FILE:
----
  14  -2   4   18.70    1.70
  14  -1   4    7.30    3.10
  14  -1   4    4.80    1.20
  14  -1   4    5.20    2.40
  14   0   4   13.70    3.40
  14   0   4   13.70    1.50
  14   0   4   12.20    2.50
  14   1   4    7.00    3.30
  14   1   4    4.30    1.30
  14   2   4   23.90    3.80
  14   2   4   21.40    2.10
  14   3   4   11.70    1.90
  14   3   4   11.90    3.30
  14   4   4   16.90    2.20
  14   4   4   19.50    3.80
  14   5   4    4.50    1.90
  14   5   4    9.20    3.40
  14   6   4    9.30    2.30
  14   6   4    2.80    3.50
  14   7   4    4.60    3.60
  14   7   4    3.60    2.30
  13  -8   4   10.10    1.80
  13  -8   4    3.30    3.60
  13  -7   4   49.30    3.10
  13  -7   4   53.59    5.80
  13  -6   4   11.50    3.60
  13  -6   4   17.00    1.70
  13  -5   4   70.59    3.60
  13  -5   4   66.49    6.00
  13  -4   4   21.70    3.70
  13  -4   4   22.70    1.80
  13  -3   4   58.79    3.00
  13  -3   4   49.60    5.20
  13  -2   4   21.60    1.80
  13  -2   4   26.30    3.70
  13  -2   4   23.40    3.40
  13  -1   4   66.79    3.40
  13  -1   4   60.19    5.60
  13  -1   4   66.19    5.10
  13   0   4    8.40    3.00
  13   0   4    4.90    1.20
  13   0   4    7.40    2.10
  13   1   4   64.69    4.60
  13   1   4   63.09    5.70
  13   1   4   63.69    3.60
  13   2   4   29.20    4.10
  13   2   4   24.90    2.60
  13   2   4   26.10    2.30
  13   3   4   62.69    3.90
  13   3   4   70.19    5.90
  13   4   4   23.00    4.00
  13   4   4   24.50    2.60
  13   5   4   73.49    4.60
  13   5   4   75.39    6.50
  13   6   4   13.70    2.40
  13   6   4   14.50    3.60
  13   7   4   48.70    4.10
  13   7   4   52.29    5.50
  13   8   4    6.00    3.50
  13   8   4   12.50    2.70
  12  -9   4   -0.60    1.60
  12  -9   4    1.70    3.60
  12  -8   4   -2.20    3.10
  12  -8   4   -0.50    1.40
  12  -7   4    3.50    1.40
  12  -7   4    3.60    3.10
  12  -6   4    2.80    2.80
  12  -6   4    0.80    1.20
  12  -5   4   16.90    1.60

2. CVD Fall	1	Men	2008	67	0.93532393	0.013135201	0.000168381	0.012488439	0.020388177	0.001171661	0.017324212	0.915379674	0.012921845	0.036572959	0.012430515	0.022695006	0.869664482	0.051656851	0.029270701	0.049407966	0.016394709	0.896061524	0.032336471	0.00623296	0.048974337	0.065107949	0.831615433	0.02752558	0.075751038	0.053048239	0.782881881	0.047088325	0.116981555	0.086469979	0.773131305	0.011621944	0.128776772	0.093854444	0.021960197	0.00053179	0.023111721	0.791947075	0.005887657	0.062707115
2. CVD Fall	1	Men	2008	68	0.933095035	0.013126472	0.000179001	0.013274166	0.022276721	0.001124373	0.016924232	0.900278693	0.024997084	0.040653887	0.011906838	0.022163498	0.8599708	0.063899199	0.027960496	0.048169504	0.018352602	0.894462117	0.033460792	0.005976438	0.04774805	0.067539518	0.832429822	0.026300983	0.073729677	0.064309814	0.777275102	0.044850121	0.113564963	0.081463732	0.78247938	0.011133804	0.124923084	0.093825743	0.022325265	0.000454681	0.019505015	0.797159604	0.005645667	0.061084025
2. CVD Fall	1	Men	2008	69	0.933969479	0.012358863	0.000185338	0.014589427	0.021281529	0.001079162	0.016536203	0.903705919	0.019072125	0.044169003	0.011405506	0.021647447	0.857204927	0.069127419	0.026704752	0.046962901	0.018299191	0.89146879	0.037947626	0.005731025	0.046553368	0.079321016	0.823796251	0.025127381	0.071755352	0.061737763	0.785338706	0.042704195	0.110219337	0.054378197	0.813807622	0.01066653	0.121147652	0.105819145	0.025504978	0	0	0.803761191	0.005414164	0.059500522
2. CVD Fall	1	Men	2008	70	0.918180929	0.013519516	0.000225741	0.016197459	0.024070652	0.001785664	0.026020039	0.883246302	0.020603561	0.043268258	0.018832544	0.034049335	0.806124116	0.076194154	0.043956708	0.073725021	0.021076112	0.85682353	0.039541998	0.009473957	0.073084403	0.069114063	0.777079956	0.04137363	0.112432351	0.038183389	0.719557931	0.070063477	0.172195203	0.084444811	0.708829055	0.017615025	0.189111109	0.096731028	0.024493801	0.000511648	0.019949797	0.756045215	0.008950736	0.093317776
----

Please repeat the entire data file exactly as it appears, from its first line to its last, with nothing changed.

  14  -2   4   18.70    1.70
  14  -1   4    7.30    3.10
  14  -1   4    4.80    1.20
  14  -1   4    5.20    2.40
  14   0   4   13.70    3.40
  14   0   4   13.70    1.50
  14   0   4   12.20    2.50
  14   1   4    7.00    3.30
  14   1   4    4.30    1.30
  14   2   4   23.90    3.80
  14   2   4   21.40    2.10
  14   3   4   11.70    1.90
  14   3   4   11.90    3.30
  14   4   4   16.90    2.20
  14   4   4   19.50    3.80
  14   5   4    4.50    1.90
  14   5   4    9.20    3.40
  14   6   4    9.30    2.30
  14   6   4    2.80    3.50
  14   7   4    4.60    3.60
  14   7   4    3.60    2.30
  13  -8   4   10.10    1.80
  13  -8   4    3.30    3.60
  13  -7   4   49.30    3.10
  13  -7   4   53.59    5.80
  13  -6   4   11.50    3.60
  13  -6   4   17.00    1.70
  13  -5   4   70.59    3.60
  13  -5   4   66.49    6.00
  13  -4   4   21.70    3.70
  13  -4   4   22.70    1.80
  13  -3   4   58.79    3.00
  13  -3   4   49.60    5.20
  13  -2   4   21.60    1.80
  13  -2   4   26.30    3.70
  13  -2   4   23.40    3.40
  13  -1   4   66.79    3.40
  13  -1   4   60.19    5.60
  13  -1   4   66.19    5.10
  13   0   4    8.40    3.00
  13   0   4    4.90    1.20
  13   0   4    7.40    2.10
  13   1   4   64.69    4.60
  13   1   4   63.09    5.70
  13   1   4   63.69    3.60
  13   2   4   29.20    4.10
  13   2   4   24.90    2.60
  13   2   4   26.10    2.30
  13   3   4   62.69    3.90
  13   3   4   70.19    5.90
  13   4   4   23.00    4.00
  13   4   4   24.50    2.60
  13   5   4   73.49    4.60
  13   5   4   75.39    6.50
  13   6   4   13.70    2.40
  13   6   4   14.50    3.60
  13   7   4   48.70    4.10
  13   7   4   52.29    5.50
  13   8   4    6.00    3.50
  13   8   4   12.50    2.70
  12  -9   4   -0.60    1.60
  12  -9   4    1.70    3.60
  12  -8   4   -2.20    3.10
  12  -8   4   -0.50    1.40
  12  -7   4    3.50    1.40
  12  -7   4    3.60    3.10
  12  -6   4    2.80    2.80
  12  -6   4    0.80    1.20
  12  -5   4   16.90    1.60

2. CVD Fall	1	Men	2008	67	0.93532393	0.013135201	0.000168381	0.012488439	0.020388177	0.001171661	0.017324212	0.915379674	0.012921845	0.036572959	0.012430515	0.022695006	0.869664482	0.051656851	0.029270701	0.049407966	0.016394709	0.896061524	0.032336471	0.00623296	0.048974337	0.065107949	0.831615433	0.02752558	0.075751038	0.053048239	0.782881881	0.047088325	0.116981555	0.086469979	0.773131305	0.011621944	0.128776772	0.093854444	0.021960197	0.00053179	0.023111721	0.791947075	0.005887657	0.062707115
2. CVD Fall	1	Men	2008	68	0.933095035	0.013126472	0.000179001	0.013274166	0.022276721	0.001124373	0.016924232	0.900278693	0.024997084	0.040653887	0.011906838	0.022163498	0.8599708	0.063899199	0.027960496	0.048169504	0.018352602	0.894462117	0.033460792	0.005976438	0.04774805	0.067539518	0.832429822	0.026300983	0.073729677	0.064309814	0.777275102	0.044850121	0.113564963	0.081463732	0.78247938	0.011133804	0.124923084	0.093825743	0.022325265	0.000454681	0.019505015	0.797159604	0.005645667	0.061084025
2. CVD Fall	1	Men	2008	69	0.933969479	0.012358863	0.000185338	0.014589427	0.021281529	0.001079162	0.016536203	0.903705919	0.019072125	0.044169003	0.011405506	0.021647447	0.857204927	0.069127419	0.026704752	0.046962901	0.018299191	0.89146879	0.037947626	0.005731025	0.046553368	0.079321016	0.823796251	0.025127381	0.071755352	0.061737763	0.785338706	0.042704195	0.110219337	0.054378197	0.813807622	0.01066653	0.121147652	0.105819145	0.025504978	0	0	0.803761191	0.005414164	0.059500522
2. CVD Fall	1	Men	2008	70	0.918180929	0.013519516	0.000225741	0.016197459	0.024070652	0.001785664	0.026020039	0.883246302	0.020603561	0.043268258	0.018832544	0.034049335	0.806124116	0.076194154	0.043956708	0.073725021	0.021076112	0.85682353	0.039541998	0.009473957	0.073084403	0.069114063	0.777079956	0.04137363	0.112432351	0.038183389	0.719557931	0.070063477	0.172195203	0.084444811	0.708829055	0.017615025	0.189111109	0.096731028	0.024493801	0.000511648	0.019949797	0.756045215	0.008950736	0.093317776